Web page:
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" researchers have still to decide whether smell is one sense or two- one responding to odours proper and the registering odourless chemicals in the air. " Can I ask you guys why it's not still have to in this sentence ?

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    Still can go in either position but still have to is much more common. Have still to can sound quite stiff and old-fashioned but it is still used. There is a slight nuance in that they still have to X means they have to X and they haven't yet, whereas they have still to X can just mean they haven't yet X (like they have yet to X, which doesn't imply any obligation at all). In this context there isn't really any difference between those meanings and I would say it's just a question of style. – user339660 Apr 19 '19 at 13:53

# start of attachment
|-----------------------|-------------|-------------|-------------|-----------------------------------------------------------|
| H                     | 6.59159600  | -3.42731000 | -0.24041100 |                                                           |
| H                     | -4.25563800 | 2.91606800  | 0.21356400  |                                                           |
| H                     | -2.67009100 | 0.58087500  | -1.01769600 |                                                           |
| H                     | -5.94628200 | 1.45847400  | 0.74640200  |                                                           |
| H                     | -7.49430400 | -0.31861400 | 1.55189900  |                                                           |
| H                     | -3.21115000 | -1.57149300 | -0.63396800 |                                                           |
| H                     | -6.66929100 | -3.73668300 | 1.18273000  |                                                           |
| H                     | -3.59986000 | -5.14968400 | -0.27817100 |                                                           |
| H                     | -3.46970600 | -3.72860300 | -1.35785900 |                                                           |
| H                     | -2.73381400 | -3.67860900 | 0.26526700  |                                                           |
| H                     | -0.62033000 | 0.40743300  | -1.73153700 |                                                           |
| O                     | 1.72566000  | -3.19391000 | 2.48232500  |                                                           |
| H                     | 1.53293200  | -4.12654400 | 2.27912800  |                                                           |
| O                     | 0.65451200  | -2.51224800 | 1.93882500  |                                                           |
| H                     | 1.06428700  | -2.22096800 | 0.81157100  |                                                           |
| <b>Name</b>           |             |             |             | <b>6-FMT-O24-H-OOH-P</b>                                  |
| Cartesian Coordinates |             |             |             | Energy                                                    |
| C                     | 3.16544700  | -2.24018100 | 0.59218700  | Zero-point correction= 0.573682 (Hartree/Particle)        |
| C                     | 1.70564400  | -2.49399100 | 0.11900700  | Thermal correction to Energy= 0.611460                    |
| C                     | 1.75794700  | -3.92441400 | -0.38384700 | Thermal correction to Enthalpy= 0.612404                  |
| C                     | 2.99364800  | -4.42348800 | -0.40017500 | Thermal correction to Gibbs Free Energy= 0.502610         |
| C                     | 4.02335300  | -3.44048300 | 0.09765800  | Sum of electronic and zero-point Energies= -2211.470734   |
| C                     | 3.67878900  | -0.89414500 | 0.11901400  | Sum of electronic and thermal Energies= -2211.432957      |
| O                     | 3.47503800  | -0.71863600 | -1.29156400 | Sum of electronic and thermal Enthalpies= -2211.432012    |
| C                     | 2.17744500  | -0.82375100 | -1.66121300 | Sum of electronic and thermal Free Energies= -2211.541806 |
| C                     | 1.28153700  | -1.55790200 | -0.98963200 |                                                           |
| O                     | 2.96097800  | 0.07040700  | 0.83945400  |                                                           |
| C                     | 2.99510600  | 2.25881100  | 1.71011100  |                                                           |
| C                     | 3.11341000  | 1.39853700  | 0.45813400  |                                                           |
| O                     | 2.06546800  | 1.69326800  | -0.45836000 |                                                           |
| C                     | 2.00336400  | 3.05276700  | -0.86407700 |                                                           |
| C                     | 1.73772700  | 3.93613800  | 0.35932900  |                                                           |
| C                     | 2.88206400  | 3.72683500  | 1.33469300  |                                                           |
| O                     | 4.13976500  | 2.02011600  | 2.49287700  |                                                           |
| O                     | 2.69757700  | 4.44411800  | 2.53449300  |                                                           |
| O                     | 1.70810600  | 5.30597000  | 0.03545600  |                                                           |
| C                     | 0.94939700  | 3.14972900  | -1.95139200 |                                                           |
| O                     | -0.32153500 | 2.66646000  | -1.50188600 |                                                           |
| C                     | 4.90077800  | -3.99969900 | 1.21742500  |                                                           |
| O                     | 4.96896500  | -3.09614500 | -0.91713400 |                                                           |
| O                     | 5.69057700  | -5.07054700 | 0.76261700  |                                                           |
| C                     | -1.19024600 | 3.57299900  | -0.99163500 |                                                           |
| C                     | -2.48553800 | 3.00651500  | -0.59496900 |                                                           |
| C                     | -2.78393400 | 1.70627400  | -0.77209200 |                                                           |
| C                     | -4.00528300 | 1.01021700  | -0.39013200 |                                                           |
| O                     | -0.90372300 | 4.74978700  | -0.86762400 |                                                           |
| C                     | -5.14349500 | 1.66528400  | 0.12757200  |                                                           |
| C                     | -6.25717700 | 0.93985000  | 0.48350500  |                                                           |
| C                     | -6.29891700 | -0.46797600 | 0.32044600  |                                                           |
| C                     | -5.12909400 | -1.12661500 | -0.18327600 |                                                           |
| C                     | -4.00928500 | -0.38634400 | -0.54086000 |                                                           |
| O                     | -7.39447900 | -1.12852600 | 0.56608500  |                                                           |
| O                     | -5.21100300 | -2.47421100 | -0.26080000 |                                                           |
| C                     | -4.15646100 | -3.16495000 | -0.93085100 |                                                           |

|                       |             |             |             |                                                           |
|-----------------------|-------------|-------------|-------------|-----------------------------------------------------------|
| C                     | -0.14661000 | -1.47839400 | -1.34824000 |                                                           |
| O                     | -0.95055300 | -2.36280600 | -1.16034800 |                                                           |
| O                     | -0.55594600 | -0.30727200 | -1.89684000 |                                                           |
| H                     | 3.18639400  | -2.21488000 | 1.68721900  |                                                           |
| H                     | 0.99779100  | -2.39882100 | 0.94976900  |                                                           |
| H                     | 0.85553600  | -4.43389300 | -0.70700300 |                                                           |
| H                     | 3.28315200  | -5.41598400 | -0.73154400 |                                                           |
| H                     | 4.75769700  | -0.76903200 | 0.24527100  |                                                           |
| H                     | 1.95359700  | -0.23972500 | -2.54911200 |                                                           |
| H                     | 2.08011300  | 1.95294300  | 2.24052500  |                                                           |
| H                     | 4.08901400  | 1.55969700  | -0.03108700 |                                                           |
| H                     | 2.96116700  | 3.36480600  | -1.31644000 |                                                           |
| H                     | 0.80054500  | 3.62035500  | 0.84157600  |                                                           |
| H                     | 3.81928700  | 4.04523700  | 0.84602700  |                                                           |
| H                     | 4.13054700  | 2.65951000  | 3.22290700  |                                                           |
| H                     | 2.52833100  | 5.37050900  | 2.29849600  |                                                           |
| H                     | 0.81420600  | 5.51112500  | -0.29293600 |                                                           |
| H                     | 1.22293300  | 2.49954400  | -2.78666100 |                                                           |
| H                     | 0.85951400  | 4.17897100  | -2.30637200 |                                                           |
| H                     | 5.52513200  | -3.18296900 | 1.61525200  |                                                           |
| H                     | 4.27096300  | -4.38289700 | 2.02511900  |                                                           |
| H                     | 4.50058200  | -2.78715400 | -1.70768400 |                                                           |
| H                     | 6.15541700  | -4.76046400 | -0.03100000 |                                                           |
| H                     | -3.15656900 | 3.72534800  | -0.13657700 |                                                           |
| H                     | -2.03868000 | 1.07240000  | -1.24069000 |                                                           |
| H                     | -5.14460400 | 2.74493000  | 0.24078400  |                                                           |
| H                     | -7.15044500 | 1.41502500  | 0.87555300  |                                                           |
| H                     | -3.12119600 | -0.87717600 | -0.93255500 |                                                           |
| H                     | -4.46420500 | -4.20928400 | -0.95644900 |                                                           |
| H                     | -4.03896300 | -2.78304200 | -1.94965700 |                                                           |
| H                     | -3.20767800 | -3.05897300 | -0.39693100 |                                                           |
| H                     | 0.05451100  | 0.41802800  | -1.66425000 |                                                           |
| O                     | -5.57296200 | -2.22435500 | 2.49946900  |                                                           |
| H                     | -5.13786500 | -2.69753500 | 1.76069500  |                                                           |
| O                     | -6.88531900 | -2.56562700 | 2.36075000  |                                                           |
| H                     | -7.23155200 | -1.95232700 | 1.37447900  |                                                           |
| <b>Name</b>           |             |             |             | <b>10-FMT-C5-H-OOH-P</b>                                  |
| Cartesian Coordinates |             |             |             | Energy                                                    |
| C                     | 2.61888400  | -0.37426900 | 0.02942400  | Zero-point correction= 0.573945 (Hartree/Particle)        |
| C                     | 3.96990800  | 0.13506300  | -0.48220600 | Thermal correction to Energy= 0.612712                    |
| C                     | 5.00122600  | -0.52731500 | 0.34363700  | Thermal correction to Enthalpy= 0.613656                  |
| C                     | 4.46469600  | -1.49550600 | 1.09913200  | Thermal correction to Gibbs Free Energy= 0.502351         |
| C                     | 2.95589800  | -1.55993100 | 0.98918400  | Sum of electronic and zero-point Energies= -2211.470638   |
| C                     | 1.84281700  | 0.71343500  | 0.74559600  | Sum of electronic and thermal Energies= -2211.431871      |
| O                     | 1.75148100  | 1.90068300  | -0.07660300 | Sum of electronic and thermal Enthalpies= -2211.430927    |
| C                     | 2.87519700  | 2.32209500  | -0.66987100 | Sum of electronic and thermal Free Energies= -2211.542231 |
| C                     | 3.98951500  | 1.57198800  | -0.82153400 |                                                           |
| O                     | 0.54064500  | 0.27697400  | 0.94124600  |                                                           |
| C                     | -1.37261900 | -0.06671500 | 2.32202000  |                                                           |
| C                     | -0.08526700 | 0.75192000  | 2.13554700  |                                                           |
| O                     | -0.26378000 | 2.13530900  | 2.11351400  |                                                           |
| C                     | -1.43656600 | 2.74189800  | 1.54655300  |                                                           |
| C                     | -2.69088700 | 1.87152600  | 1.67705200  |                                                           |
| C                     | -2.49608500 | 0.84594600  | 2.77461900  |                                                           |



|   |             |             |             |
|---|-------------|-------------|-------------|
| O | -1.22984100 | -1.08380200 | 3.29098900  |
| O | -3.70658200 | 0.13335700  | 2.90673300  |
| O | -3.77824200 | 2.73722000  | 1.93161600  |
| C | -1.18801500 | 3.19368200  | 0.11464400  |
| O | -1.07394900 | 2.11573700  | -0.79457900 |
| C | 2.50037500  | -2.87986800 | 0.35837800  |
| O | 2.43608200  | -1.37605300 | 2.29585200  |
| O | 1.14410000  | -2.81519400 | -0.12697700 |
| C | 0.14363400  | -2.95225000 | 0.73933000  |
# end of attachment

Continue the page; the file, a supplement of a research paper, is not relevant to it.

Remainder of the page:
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It's not "still have to" because, in this case, the placement of still is optional; it can go before or after the verb.

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My guess the rule is it goes before the verb, but still makes sense when used after. It's like six of one and half a dozen of another.

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The meaning is slightly different.

The "have still to" form means that the action is required and as yet not performed.

The "still have to" form means that the requirement for the action is still in force. It does not say whether the action has been performed in the current instance.

Example: You cannot go to your party yet. You have still to clean your room.

Your room must be cleaned before you go to the party. You have not yet done so.

Example: Now that you have reached the age of 16, you have some additional privileges. But you still have to clean your room before you go to any party.

The requirement to clean your room has not been removed. There may or may not be a particular party being discussed at this time.

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    While what you say is valid up to a point, in actual conversation, 'still have to' is used for both cases, 'have still to' being formal. – Edwin Ashworth Jan 14 at 15:58

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